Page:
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But it is also one of those most likely to be deficient - especially during the winter months when production of this "sunshine vitamin" is at its lowest for many people. In fact, a recent clinical review found an alarming rise in the cases of rickets among UK children, thought to be because of lack of sunlight exposure, especially during winter when much of the UK does not get enough ultraviolet light of the appropriate wavelength for the body to make vitamin D in the skin. Rickets is a bone disease caused by a lack of vitamin D, which can lead to deformities, stunted growth and general ill-health.
Here is a selection of some recent findings of the health benefits this remarkable vitamin is associated with.
Vitamin D Protects the Immune System
vitamin D is being called "nature's antibiotic", after recent discoveries found that it helps serve as the first line of defense in your immune response against minor wounds, cuts, and both bacterial and viral infections.
Scientists found that it induces the "expression" of cathelicidin, an antimicrobial peptide gene, which could explain its multiple roles in proper immune function. Vitamin D plays an important role in activating the immune system, and can help control autoimmune diseases such as multiple sclerosis, psoriasis and rheumatoid arthritis.
Studies also show a link between vitamin D deficiency and increased rates of respiratory infection and influenza, and it has been hypothesized that flu epidemics may be the result of vitamin D deficiency.
Research paper details:
Gombart AF. The vitamin D-antimicrobial peptide pathway and its role in protection against infection. Future Microbiology, November 2009, Vol. 4, No. 9, Pages 1151-1165.
Scientists looked at vitamin D quantities in 1,248 people with bowel cancer and 1,248 controls in the largest ever study of the subject. Participants completed detailed dietary and lifestyle questionnaires and blood samples were collected. The subjects were then tracked for several years, during which time 1,248 cases of colorectal cancer were diagnosed and these were matched to 1,248 healthy controls.
The authors said that with respect to colorectal cancer protection, it is still unclear whether inducing higher blood vitamin D concentration by supplementation is better than a balanced diet combined with regular and moderate exposure to outdoor sunlight.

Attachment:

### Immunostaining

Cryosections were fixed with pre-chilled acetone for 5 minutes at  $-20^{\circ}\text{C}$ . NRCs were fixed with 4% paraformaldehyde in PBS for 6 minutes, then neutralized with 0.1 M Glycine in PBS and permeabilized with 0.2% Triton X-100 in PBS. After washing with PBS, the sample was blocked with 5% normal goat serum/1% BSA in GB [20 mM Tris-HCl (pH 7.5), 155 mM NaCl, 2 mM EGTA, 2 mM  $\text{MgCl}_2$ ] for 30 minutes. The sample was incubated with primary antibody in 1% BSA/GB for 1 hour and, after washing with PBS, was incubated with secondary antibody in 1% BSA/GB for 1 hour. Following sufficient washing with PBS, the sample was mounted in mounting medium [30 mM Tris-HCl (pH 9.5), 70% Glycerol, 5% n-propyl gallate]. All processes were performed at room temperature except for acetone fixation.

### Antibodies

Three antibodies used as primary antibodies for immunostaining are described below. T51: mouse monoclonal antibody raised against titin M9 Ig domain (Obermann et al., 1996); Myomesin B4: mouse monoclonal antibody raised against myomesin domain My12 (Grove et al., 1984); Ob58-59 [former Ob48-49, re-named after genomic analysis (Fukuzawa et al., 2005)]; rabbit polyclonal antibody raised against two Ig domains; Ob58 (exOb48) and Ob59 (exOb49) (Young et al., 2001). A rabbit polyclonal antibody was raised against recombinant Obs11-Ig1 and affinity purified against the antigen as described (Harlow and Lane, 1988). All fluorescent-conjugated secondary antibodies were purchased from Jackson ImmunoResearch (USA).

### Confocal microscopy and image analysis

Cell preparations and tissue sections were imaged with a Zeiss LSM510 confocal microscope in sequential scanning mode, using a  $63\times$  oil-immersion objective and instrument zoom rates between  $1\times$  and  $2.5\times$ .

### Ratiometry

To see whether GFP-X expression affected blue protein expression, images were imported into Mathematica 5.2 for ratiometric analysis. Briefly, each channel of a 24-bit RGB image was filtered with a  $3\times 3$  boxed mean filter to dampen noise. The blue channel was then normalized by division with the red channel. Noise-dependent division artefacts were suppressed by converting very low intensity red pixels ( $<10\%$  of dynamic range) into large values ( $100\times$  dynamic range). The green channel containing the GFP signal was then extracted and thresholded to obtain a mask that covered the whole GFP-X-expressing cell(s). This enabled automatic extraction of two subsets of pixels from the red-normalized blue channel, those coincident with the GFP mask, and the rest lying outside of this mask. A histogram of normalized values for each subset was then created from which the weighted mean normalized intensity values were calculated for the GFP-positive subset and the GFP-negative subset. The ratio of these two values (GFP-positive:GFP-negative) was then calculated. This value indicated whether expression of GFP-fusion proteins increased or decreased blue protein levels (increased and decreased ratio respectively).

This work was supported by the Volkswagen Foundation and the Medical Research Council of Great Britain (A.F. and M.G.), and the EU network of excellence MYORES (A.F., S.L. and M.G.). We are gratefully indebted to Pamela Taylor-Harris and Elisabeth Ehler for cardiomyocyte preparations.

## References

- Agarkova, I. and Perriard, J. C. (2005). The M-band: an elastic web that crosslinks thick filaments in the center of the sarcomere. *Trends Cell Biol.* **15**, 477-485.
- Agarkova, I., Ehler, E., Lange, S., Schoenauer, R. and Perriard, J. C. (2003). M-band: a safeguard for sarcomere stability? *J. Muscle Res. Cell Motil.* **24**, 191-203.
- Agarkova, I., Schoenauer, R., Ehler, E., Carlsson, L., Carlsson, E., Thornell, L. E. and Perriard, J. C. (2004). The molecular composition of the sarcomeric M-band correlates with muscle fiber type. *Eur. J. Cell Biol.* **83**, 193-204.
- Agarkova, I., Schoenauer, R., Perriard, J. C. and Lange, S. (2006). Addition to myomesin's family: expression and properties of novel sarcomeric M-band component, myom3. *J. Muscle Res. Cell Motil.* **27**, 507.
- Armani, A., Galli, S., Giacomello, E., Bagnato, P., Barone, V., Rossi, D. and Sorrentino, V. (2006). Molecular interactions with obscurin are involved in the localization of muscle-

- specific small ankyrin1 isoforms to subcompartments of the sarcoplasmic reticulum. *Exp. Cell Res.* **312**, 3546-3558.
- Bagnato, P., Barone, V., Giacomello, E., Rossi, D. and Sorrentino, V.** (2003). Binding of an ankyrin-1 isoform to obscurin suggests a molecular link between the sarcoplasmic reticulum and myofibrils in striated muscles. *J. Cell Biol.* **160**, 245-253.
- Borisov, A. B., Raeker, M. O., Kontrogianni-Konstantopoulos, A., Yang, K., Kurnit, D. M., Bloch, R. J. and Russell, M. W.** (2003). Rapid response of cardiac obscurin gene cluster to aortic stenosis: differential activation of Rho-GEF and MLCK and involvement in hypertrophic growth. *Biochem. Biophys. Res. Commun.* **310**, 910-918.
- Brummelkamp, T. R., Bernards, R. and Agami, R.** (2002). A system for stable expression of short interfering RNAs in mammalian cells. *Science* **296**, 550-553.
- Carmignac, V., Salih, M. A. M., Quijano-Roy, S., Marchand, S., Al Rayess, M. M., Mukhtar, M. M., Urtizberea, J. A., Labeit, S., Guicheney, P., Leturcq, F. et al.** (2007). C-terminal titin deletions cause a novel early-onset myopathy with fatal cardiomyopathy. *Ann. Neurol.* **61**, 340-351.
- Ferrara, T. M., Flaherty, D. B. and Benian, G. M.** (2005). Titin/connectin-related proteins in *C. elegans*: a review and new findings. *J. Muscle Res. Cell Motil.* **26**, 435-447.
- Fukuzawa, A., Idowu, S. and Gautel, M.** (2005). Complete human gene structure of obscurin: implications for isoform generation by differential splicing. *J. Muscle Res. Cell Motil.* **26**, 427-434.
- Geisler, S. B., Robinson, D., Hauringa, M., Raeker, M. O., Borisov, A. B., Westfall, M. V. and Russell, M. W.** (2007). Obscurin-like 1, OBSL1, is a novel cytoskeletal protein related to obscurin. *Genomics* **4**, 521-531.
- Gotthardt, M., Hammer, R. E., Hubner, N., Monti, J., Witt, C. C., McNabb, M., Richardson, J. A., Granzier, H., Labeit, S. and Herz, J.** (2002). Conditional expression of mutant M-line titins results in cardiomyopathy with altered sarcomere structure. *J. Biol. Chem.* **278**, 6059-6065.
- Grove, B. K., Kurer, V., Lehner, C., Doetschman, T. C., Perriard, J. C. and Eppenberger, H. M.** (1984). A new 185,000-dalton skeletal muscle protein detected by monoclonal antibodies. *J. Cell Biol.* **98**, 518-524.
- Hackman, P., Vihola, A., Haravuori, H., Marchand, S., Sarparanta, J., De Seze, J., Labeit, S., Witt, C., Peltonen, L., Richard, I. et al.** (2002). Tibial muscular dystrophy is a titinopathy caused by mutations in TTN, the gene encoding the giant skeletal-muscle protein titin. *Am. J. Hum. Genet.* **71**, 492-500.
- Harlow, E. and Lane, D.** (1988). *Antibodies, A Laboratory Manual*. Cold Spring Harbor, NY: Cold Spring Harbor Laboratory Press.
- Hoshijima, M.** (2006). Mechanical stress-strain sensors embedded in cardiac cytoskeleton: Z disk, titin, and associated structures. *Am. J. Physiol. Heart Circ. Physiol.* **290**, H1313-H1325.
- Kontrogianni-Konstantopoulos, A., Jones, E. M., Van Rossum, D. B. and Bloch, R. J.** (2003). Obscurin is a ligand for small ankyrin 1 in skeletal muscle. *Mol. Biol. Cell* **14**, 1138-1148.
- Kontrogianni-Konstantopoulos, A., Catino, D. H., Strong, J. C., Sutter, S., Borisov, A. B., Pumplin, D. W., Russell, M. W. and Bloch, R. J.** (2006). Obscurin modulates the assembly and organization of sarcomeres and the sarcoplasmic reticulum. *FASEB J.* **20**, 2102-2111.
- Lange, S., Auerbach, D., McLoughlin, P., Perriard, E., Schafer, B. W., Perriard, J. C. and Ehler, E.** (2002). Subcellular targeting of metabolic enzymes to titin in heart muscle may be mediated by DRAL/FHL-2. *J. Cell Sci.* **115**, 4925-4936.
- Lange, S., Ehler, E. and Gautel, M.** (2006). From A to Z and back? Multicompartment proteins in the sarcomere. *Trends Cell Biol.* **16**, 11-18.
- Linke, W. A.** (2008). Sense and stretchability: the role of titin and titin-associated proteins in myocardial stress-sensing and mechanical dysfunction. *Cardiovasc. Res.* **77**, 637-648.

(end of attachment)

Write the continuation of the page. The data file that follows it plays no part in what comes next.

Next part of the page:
Research Paper Details:
Vitamin D Prevents Diabetes
In a report published recently, scientists found that vitamin D supplementation among South Asian women decreased their risk of developing diabetes. The women were all diagnosed with insulin resistance syndrome, also known as metabolic syndrome. This condition, which is linked to an increased risk of both diabetes and heart disease, describes a cluster of health conditions that includes high blood sugar levels, high triglycerides, and too much fat around the waist.
After six months of taking either 4,000 IU of vitamin D3 daily or a placebo, the results showed significant improvements in the vitamin D group. Specifically, their insulin resistance dramatically improved with a decrease in their fasting insulin levels. This slashed the risk they would go on to develop diabetes.
Previous research also backs up this theory. Indian scientists found that even a short-term large dose of vitamin D3 supplementation had a positive impact on insulin sensitivity in 71 apparently healthy, middle-aged men with central obesity associated with the pre-diabetes metabolic syndrome. Taking vitamin D3 improved their postprandial (after a meal) insulin sensitivity, lowering their risk of developing diabetes later in life.
Research paper details:
von Hurst PR, Stonehouse W, Coad J. Vitamin D supplementation reduces insulin resistance in South Asian women living in New Zealand who are insulin resistant and vitamin D deficient - a randomised, placebo-controlled trial. Br J Nutr. 2009 Sep 28:1-7.
Nagpal J, Pande JN, Bhartia A. A double-blind, randomized, placebo-controlled trial of the short-term effect of vitamin D3 supplementation on insulin sensitivity in apparently healthy, middle-aged, centrally obese men. Diabet Med. 2009 Jan;26(1):19-27.
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